CES 2012: 5 Great Exhibit Design Achievements

Let’s start this with a little Q&A. Tell me, is there a more fitting city in America than Las Vegas to host the International Consumer Electronics Show (CES)? For those who don’t call Las Vegas home, the moment we step away from that overcrowded fuselage saturated with hopes and dreams, we’re immediately met with total sensory overload. The world that you once knew or thought to have known is forever changed.

CES parallels this same notion as exhibitors seemingly focus on straight-forward product advertising while attempting to change your mood through the ingenious use of lighting, sound and exhibit architecture. It’s the world’s largest consumer electronics trade show and this year was no exception, in fact, the all-time attendance record was broken with more than 153,000 attendees.

As I entered the convention center, my initial reaction was centered on the vast accumulation of attendees and the total technological immersion that quickly ensued. As an accomplished exhibit designer, my focus was less on the slim and sleek product offerings. I enjoyed the way these products were showcased, the physical exhibit architecture, the big encompassing idea and the overall attendee experience. Every great designer will draw inspiration from within while constantly (knowingly or not) staying acutely observant of the thoughtful ideas that resonate from their peers. While being known for innovative gadgets, grandiose product launches, failed experiments and technology geeks, CES also possess its fair share of crowning design achievements.

Without further ado, I present my CES 2012 “Five Great Exhibit Design Achievements:”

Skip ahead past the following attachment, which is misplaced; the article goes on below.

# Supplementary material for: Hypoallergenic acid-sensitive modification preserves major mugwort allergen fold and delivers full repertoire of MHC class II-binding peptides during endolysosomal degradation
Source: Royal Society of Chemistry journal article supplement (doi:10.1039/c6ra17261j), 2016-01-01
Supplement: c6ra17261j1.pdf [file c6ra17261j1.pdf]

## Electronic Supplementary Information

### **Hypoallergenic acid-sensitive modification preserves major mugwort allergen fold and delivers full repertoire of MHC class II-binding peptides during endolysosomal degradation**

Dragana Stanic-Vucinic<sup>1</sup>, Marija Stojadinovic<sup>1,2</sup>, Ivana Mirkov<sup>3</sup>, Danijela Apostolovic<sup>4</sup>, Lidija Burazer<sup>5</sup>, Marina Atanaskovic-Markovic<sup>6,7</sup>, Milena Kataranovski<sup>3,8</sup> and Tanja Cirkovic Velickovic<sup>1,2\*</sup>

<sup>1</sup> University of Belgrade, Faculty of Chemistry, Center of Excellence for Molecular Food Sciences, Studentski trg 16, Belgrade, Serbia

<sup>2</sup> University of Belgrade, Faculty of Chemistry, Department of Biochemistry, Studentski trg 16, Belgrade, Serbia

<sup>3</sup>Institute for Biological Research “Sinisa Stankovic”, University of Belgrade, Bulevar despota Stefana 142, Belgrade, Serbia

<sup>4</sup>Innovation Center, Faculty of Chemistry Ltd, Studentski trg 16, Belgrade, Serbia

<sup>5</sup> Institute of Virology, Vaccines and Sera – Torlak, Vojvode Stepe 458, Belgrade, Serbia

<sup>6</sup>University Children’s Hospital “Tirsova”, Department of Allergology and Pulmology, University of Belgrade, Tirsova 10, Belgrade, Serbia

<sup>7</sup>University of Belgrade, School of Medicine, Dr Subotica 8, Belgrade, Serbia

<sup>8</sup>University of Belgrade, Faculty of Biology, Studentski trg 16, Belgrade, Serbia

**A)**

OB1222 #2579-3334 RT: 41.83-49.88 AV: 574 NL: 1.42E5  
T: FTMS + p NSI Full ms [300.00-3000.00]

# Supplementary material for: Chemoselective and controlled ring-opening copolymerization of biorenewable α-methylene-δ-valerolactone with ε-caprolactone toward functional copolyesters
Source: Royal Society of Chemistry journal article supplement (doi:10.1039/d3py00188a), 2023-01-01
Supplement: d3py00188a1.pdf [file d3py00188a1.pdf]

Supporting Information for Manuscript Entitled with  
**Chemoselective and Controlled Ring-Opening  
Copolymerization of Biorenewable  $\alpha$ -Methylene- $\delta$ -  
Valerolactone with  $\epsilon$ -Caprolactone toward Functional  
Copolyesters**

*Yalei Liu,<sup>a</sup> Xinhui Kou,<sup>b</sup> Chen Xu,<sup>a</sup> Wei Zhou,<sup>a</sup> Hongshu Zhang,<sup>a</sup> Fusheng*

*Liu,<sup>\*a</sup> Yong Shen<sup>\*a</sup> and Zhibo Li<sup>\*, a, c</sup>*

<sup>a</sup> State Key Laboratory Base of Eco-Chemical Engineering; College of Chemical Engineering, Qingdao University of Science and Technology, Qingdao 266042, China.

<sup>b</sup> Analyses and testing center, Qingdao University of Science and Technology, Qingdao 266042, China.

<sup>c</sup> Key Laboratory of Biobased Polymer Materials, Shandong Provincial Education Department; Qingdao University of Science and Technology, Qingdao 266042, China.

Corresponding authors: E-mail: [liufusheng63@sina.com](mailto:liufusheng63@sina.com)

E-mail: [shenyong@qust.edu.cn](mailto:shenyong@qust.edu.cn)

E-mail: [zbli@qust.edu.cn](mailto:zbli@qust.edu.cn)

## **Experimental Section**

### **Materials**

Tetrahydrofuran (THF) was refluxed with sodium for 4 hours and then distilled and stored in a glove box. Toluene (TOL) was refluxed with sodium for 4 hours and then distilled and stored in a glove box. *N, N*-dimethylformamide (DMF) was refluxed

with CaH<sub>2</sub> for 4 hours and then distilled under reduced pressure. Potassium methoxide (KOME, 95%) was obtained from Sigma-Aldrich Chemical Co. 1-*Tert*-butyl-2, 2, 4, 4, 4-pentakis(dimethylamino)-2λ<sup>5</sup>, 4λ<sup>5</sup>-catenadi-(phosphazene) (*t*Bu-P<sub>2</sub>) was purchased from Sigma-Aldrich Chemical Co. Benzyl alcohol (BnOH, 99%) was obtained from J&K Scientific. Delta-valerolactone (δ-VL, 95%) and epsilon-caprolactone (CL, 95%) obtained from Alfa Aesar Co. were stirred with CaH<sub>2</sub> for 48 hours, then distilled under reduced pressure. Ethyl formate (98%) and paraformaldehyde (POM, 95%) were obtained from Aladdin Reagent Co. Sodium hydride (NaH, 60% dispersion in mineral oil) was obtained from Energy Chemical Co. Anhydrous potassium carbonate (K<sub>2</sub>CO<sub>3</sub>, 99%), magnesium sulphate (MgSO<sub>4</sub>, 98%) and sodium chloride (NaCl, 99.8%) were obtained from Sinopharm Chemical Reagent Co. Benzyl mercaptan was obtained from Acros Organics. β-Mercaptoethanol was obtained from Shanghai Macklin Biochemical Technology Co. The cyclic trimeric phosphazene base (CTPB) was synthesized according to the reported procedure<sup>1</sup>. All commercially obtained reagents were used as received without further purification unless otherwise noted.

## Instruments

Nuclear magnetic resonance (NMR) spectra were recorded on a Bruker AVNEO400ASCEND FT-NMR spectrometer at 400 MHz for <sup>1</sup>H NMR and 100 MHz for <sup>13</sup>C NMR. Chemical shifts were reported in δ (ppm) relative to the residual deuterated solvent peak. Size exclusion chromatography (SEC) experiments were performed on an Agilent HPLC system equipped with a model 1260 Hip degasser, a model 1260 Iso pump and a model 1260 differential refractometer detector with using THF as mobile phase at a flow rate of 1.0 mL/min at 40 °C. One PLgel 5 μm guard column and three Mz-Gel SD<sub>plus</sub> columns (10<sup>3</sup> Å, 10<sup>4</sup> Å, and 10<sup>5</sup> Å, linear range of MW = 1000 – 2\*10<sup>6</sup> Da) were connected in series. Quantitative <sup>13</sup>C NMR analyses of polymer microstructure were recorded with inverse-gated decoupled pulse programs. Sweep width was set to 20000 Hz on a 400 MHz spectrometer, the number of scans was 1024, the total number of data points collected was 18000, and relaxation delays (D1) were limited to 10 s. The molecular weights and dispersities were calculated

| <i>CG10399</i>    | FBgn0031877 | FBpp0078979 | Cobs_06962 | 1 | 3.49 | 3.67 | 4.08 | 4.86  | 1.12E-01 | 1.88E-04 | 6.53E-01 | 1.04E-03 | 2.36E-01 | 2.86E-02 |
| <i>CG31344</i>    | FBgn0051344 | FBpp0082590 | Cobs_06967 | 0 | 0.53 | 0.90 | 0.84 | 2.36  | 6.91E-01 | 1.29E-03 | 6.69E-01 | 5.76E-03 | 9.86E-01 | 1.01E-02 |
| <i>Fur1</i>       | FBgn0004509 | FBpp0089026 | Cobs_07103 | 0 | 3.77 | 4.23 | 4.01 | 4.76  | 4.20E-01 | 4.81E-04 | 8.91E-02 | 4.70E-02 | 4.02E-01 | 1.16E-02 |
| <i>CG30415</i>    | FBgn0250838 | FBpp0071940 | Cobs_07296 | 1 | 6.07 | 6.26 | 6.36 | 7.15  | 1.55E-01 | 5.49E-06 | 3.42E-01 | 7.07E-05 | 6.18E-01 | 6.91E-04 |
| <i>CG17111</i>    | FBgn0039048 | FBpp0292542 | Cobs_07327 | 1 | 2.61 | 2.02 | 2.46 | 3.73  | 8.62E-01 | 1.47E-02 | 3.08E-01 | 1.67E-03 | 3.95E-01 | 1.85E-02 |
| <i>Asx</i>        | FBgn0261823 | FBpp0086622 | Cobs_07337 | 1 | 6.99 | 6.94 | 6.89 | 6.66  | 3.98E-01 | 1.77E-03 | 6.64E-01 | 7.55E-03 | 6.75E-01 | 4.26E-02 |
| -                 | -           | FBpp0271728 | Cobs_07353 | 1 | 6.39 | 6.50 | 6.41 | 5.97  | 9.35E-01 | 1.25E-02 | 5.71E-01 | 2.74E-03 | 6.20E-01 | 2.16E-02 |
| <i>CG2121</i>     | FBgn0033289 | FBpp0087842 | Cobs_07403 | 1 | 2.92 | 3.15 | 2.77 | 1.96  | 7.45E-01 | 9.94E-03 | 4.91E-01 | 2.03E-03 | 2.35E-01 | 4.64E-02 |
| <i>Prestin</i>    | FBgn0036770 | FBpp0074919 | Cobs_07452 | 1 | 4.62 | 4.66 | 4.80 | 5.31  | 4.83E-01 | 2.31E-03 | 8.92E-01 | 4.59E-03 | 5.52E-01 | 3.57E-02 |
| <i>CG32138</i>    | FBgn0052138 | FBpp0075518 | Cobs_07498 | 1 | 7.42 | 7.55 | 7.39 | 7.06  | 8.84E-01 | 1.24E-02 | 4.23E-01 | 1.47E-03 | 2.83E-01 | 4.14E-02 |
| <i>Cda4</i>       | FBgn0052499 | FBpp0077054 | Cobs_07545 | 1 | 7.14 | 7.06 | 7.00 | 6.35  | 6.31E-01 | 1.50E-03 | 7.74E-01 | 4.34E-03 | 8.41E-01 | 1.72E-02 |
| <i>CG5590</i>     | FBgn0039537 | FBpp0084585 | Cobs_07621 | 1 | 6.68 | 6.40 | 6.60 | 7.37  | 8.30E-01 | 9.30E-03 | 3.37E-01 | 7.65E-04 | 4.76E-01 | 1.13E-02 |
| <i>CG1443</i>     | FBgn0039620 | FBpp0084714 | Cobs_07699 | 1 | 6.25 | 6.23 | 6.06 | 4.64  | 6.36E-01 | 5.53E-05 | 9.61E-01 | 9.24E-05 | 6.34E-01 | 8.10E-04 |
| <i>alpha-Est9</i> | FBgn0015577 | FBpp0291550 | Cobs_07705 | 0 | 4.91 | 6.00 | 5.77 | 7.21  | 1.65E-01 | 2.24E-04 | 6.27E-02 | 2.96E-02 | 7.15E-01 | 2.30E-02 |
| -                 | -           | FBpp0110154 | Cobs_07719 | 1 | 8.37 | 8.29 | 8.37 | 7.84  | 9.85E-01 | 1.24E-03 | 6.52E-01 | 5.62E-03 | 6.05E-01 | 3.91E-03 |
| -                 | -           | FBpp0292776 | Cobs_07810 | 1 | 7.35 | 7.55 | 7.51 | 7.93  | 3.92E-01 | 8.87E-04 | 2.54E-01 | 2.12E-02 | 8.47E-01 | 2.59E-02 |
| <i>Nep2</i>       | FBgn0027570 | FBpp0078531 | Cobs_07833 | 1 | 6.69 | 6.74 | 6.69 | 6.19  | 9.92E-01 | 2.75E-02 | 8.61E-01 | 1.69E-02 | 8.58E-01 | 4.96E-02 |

1. AUDI: Now the brand to watch on the exhibition floor, Audi continues to deliver brilliant, unexpected design through innovative thinking and a willingness to mold future exhibit design paradigms.

2. INTEL: Clearly, Intel was focused on total immersion and did it well through the use of sleek light-weight exhibit architecture, captivating interactive components, vast lighting effects and dynamic sound.

3. MERCEDES-BENZ: Mercedes-Benz created one of the most interesting overhead signs in existence. Though fairly simple, the beauty and creative revealed itself as you navigated through the engaging space.

4. HOUSE OF MARLEY: With the integration of quality finishes, outstanding material choices, unique architectural details and creative graphic placement; House of Marley is a perfect example of exhibit design at its best.

5. NOKIA: Though seen before, Nokia’s alluring overhead sea of colored shapes thoughtfully and efficiently enhanced the experience with a bold statement from a relatively small exhibit space.

In the end, an exhibitor’s goals and objectives determine the final outcome, but with any successful exhibit program it’s the commitment and willingness to capture an audience and tell a story. This happens through thoughtful exhibit architecture, the big idea and an engaging and captivating experience. 2012 International CES showed the design world that there is more to this show than a plethora of people and sleek gadgets and that design will continue to evolve.

This concludes our 2012 International CES design series. What did you learn? Share your favorite quotes from one of our designers on our Facebook wall!

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